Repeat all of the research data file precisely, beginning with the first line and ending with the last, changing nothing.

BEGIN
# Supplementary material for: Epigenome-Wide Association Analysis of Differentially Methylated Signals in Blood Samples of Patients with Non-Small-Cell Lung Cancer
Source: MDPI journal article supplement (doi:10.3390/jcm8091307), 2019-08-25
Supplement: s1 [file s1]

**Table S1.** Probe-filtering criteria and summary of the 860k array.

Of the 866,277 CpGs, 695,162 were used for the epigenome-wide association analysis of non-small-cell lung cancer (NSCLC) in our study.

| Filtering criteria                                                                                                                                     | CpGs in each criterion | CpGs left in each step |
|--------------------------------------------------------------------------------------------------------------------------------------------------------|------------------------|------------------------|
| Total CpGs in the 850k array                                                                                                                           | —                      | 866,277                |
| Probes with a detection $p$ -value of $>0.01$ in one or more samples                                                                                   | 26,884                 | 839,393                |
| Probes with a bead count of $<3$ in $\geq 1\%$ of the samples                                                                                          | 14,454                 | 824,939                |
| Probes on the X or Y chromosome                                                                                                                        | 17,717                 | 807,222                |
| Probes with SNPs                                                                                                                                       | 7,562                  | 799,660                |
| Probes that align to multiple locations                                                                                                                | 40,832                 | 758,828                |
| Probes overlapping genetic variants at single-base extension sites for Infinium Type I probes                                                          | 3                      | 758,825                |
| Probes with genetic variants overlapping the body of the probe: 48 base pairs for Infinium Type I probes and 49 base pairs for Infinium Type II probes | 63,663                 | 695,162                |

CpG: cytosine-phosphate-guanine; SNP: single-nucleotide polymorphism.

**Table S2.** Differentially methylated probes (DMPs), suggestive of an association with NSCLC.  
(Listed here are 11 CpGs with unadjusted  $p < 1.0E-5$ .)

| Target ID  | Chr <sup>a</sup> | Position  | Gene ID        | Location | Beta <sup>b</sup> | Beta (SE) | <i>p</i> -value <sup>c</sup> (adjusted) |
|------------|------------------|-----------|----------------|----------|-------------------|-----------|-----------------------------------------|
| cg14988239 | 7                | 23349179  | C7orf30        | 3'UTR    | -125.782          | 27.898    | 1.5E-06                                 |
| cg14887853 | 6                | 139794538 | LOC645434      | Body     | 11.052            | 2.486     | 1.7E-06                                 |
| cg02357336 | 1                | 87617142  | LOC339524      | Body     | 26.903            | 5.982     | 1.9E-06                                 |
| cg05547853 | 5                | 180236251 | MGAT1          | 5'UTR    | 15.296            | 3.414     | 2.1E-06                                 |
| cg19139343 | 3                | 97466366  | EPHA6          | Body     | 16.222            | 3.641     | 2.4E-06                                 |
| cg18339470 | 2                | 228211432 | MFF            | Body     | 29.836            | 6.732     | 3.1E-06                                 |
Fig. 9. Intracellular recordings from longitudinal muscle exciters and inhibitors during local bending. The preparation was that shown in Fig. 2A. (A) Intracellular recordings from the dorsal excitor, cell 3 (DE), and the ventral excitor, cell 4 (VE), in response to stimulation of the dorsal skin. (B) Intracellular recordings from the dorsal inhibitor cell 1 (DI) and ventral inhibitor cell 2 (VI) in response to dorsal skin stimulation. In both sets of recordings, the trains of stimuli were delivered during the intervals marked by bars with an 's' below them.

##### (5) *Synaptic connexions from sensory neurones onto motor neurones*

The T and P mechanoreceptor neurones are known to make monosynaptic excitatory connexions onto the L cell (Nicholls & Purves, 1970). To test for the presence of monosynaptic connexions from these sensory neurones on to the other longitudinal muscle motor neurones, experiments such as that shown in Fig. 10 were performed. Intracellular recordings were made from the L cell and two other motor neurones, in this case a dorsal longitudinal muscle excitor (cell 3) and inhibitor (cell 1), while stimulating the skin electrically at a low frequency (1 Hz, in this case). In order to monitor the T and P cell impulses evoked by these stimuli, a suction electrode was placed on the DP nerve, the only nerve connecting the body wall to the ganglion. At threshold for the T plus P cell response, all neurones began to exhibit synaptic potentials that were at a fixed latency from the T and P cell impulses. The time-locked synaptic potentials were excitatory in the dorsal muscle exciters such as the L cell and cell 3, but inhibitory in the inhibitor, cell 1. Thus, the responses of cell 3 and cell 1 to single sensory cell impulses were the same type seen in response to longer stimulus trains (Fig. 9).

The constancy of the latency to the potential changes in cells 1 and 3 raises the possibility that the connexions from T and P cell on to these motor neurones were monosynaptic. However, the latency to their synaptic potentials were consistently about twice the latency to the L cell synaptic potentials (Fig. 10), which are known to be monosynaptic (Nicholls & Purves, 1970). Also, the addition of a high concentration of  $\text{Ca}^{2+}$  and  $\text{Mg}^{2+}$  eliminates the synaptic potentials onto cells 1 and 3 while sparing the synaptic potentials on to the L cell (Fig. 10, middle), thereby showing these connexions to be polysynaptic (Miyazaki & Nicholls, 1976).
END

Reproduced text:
# Supplementary material for: Epigenome-Wide Association Analysis of Differentially Methylated Signals in Blood Samples of Patients with Non-Small-Cell Lung Cancer
Source: MDPI journal article supplement (doi:10.3390/jcm8091307), 2019-08-25
Supplement: s1 [file s1]

**Table S1.** Probe-filtering criteria and summary of the 860k array.

Of the 866,277 CpGs, 695,162 were used for the epigenome-wide association analysis of non-small-cell lung cancer (NSCLC) in our study.

| Filtering criteria                                                                                                                                     | CpGs in each criterion | CpGs left in each step |
|--------------------------------------------------------------------------------------------------------------------------------------------------------|------------------------|------------------------|
| Total CpGs in the 850k array                                                                                                                           | —                      | 866,277                |
| Probes with a detection $p$ -value of $>0.01$ in one or more samples                                                                                   | 26,884                 | 839,393                |
| Probes with a bead count of $<3$ in $\geq 1\%$ of the samples                                                                                          | 14,454                 | 824,939                |
| Probes on the X or Y chromosome                                                                                                                        | 17,717                 | 807,222                |
| Probes with SNPs                                                                                                                                       | 7,562                  | 799,660                |
| Probes that align to multiple locations                                                                                                                | 40,832                 | 758,828                |
| Probes overlapping genetic variants at single-base extension sites for Infinium Type I probes                                                          | 3                      | 758,825                |
| Probes with genetic variants overlapping the body of the probe: 48 base pairs for Infinium Type I probes and 49 base pairs for Infinium Type II probes | 63,663                 | 695,162                |

CpG: cytosine-phosphate-guanine; SNP: single-nucleotide polymorphism.

**Table S2.** Differentially methylated probes (DMPs), suggestive of an association with NSCLC.  
(Listed here are 11 CpGs with unadjusted  $p < 1.0E-5$ .)

| Target ID  | Chr <sup>a</sup> | Position  | Gene ID        | Location | Beta <sup>b</sup> | Beta (SE) | <i>p</i> -value <sup>c</sup> (adjusted) |
|------------|------------------|-----------|----------------|----------|-------------------|-----------|-----------------------------------------|
| cg14988239 | 7                | 23349179  | C7orf30        | 3'UTR    | -125.782          | 27.898    | 1.5E-06                                 |
| cg14887853 | 6                | 139794538 | LOC645434      | Body     | 11.052            | 2.486     | 1.7E-06                                 |
| cg02357336 | 1                | 87617142  | LOC339524      | Body     | 26.903            | 5.982     | 1.9E-06                                 |
| cg05547853 | 5                | 180236251 | MGAT1          | 5'UTR    | 15.296            | 3.414     | 2.1E-06                                 |
| cg19139343 | 3                | 97466366  | EPHA6          | Body     | 16.222            | 3.641     | 2.4E-06                                 |
| cg18339470 | 2                | 228211432 | MFF            | Body     | 29.836            | 6.732     | 3.1E-06                                 |
Fig. 9. Intracellular recordings from longitudinal muscle exciters and inhibitors during local bending. The preparation was that shown in Fig. 2A. (A) Intracellular recordings from the dorsal excitor, cell 3 (DE), and the ventral excitor, cell 4 (VE), in response to stimulation of the dorsal skin. (B) Intracellular recordings from the dorsal inhibitor cell 1 (DI) and ventral inhibitor cell 2 (VI) in response to dorsal skin stimulation. In both sets of recordings, the trains of stimuli were delivered during the intervals marked by bars with an 's' below them.

##### (5) *Synaptic connexions from sensory neurones onto motor neurones*

The T and P mechanoreceptor neurones are known to make monosynaptic excitatory connexions onto the L cell (Nicholls & Purves, 1970). To test for the presence of monosynaptic connexions from these sensory neurones on to the other longitudinal muscle motor neurones, experiments such as that shown in Fig. 10 were performed. Intracellular recordings were made from the L cell and two other motor neurones, in this case a dorsal longitudinal muscle excitor (cell 3) and inhibitor (cell 1), while stimulating the skin electrically at a low frequency (1 Hz, in this case). In order to monitor the T and P cell impulses evoked by these stimuli, a suction electrode was placed on the DP nerve, the only nerve connecting the body wall to the ganglion. At threshold for the T plus P cell response, all neurones began to exhibit synaptic potentials that were at a fixed latency from the T and P cell impulses. The time-locked synaptic potentials were excitatory in the dorsal muscle exciters such as the L cell and cell 3, but inhibitory in the inhibitor, cell 1. Thus, the responses of cell 3 and cell 1 to single sensory cell impulses were the same type seen in response to longer stimulus trains (Fig. 9).

The constancy of the latency to the potential changes in cells 1 and 3 raises the possibility that the connexions from T and P cell on to these motor neurones were monosynaptic. However, the latency to their synaptic potentials were consistently about twice the latency to the L cell synaptic potentials (Fig. 10), which are known to be monosynaptic (Nicholls & Purves, 1970). Also, the addition of a high concentration of  $\text{Ca}^{2+}$  and  $\text{Mg}^{2+}$  eliminates the synaptic potentials onto cells 1 and 3 while sparing the synaptic potentials on to the L cell (Fig. 10, middle), thereby showing these connexions to be polysynaptic (Miyazaki & Nicholls, 1976).